Kings of Cool

| April 07, 2005

Penray Fill-For-Life 2-way test strips are dipped in the coolant and then compared with the scales on this chart. The upper scale determines coolant concentration while the lower scale determines nitrite (SCA) concentration.

If you can’t stand the heat in your engine, get out of the cab – and check your radiator.

Getting the heat out of the engine block requires a good water pump and clean coolant, but that is only half the battle. The other half is throwing all that heat off to the outside air. This is the job of the radiator, and EGR engines and the aerodynamic, sloped noses of many late-model trucks are making that job tougher and tougher.

The radiator consists of upper and lower tanks linked by dozens of thin-walled, narrow metal tubes with coolant flowing down through them. This exposes the coolant to metal in contact with outside air so it can get rid of heat (radiate) from the engine.

There isn’t much room for the radiator in an aerodynamic truck so the tubes have flat sides to help put the maximum amount of metal into a small space. Their narrow shape also keeps the coolant moving very fast inside the tubes, throwing heat off more efficiently. Closely spaced metal fins run between the tubes. This increases the total metal surface in contact with air, throwing off still more heat. But packing all this metal into a small space makes the outside of the radiator subject to clogging with debris.

Having wet cylinder liners in direct contact with the coolant in a diesel improves performance, but it makes the cooling system a high-maintenance item. Trace amounts of exhaust gas leak around the liner seals and make the coolant corrosive. The result can be cooling system deposits and clogging in the radiator. Because the radiator tubes are so narrow, the deposits can easily clog those tubes shut.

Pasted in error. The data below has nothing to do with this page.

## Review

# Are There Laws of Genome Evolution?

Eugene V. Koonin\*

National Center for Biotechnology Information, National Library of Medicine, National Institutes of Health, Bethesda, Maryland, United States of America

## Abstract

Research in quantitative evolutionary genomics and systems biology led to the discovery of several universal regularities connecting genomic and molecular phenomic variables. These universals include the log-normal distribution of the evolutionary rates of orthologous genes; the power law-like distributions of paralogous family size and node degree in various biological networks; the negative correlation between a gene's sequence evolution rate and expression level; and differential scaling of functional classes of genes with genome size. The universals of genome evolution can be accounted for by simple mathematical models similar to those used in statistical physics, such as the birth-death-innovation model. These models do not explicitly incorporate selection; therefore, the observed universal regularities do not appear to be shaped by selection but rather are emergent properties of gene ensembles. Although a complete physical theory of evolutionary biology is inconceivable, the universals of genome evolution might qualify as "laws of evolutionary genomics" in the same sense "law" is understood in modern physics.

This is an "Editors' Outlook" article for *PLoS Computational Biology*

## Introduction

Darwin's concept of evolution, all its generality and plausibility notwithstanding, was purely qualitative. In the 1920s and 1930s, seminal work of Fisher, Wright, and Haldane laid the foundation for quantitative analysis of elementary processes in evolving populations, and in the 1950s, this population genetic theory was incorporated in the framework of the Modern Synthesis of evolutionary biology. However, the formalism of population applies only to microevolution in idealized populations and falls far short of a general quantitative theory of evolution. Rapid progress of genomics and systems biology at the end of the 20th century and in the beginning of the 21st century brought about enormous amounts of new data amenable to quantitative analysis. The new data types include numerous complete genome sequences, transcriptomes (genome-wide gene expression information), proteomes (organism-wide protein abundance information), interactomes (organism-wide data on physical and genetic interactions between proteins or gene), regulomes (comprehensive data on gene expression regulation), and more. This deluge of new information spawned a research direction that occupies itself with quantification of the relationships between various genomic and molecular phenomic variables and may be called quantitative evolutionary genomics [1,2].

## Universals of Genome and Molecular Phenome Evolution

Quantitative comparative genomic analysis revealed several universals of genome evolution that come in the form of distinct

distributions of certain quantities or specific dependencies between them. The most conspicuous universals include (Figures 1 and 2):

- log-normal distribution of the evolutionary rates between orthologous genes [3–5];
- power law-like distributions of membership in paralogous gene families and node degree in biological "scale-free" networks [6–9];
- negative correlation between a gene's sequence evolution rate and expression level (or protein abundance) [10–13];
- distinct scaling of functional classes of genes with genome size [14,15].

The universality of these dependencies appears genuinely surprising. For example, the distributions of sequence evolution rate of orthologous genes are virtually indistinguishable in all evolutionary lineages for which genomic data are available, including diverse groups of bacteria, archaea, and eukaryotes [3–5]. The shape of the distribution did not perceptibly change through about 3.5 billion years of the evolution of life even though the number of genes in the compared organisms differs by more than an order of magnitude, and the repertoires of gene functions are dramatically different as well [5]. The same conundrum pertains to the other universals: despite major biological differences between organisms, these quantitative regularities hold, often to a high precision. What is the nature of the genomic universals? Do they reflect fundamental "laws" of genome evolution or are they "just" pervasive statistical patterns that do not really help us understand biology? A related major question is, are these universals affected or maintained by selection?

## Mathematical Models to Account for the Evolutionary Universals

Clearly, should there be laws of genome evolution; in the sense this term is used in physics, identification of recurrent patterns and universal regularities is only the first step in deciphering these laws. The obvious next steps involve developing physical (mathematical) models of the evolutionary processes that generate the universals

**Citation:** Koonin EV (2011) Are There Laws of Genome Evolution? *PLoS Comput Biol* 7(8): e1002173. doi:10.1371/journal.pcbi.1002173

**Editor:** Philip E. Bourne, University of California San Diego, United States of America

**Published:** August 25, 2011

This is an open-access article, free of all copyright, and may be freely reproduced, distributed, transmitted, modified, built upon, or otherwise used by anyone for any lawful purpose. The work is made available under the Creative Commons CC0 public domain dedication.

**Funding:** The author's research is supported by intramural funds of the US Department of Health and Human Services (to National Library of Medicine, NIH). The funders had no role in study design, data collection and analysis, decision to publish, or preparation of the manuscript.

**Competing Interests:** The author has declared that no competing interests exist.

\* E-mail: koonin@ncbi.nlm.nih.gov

The radiator operates under pressure produced by the radiator cap. The cap holds the coolant in until the pressure exceeds 7 psi to 15 psi and then relieves the pressure to avoid bursting any system parts.

The pressure raises the boiling point of the coolant well past the normal level of 212 degrees Fahrenheit. The higher boiling point enables the radiator to throw off a lot more heat than it could without pressure. The pressure also helps keep the block and cylinder liners cool by keeping steam bubbles, which interfere with cooling, from forming.

Air Flow

The radiator can’t do its job without lots of outside air flowing through it. Larry Erickson, field service manager at Peterbilt Motors, says the narrow openings between fins and tubes will definitely pick up some “road debris that will restrict airflow.”

Gary Falendysz, senior principal engineer in the truck division of Modine Manufacturing, says periodic cleaning of the air side of the radiator, charge air cooler, condenser and other heat exchangers is essential. “In order for these heat exchangers to work properly they need airflow,” Falendysz says. “Leaves, bugs and other road debris can foul them, restrict the airflow and reduce performance.”

The outsides of tubes and fins should be cleaned at least twice a year unless you operate in very dusty areas – then it should be done more often. Falendysz suggests doing this whenever the vehicle is washed.

The Mack maintenance manual says, “Using compressed air or water spray, clean insects, leaves and other foreign matter from radiator core openings as required. Always clean the radiator core from the engine side. Never use a wire or a screwdriver” to pry out leaves or dirt.

Erickson says the best, safest way to clean the fins and tubes is with a pressure washer that you can regulate, using warm water. “If you use 200 psi, it will bend the fins,” Erikson says.
On many trucks air shields direct air through the radiator. These shields should be checked regularly for cracks. Keep the belts that drive your fan in good condition and at proper tension. Also investigate and fix any problems with the clutch fan to help keep the radiator functioning when you’re operating in traffic or climbing hills.

Deposits, or “scale,” that come from cooling system neglect work as an insulator, holding heat in the radiator tubes – exactly what you don’t want. Even a very thin layer will mean the coolant’s temperature will drop less as it flows through, reducing radiator capacity. Deposits also slow down flow and can easily reach the point where they fully clog the thin passages inside the tubes.

This will soon result in a high operating temperature and, eventually, engine shutdown by the ECM. Another consequence: “The pump pulls the coolant through. It’s not a problem till the radiator tubes really get stopped up,” Erikson says. “With flows in the range of seven gallons per minute, the restriction will mean the water pump will start to pull in air because the seals in the cooling system are designed to keep coolant in, not air out.”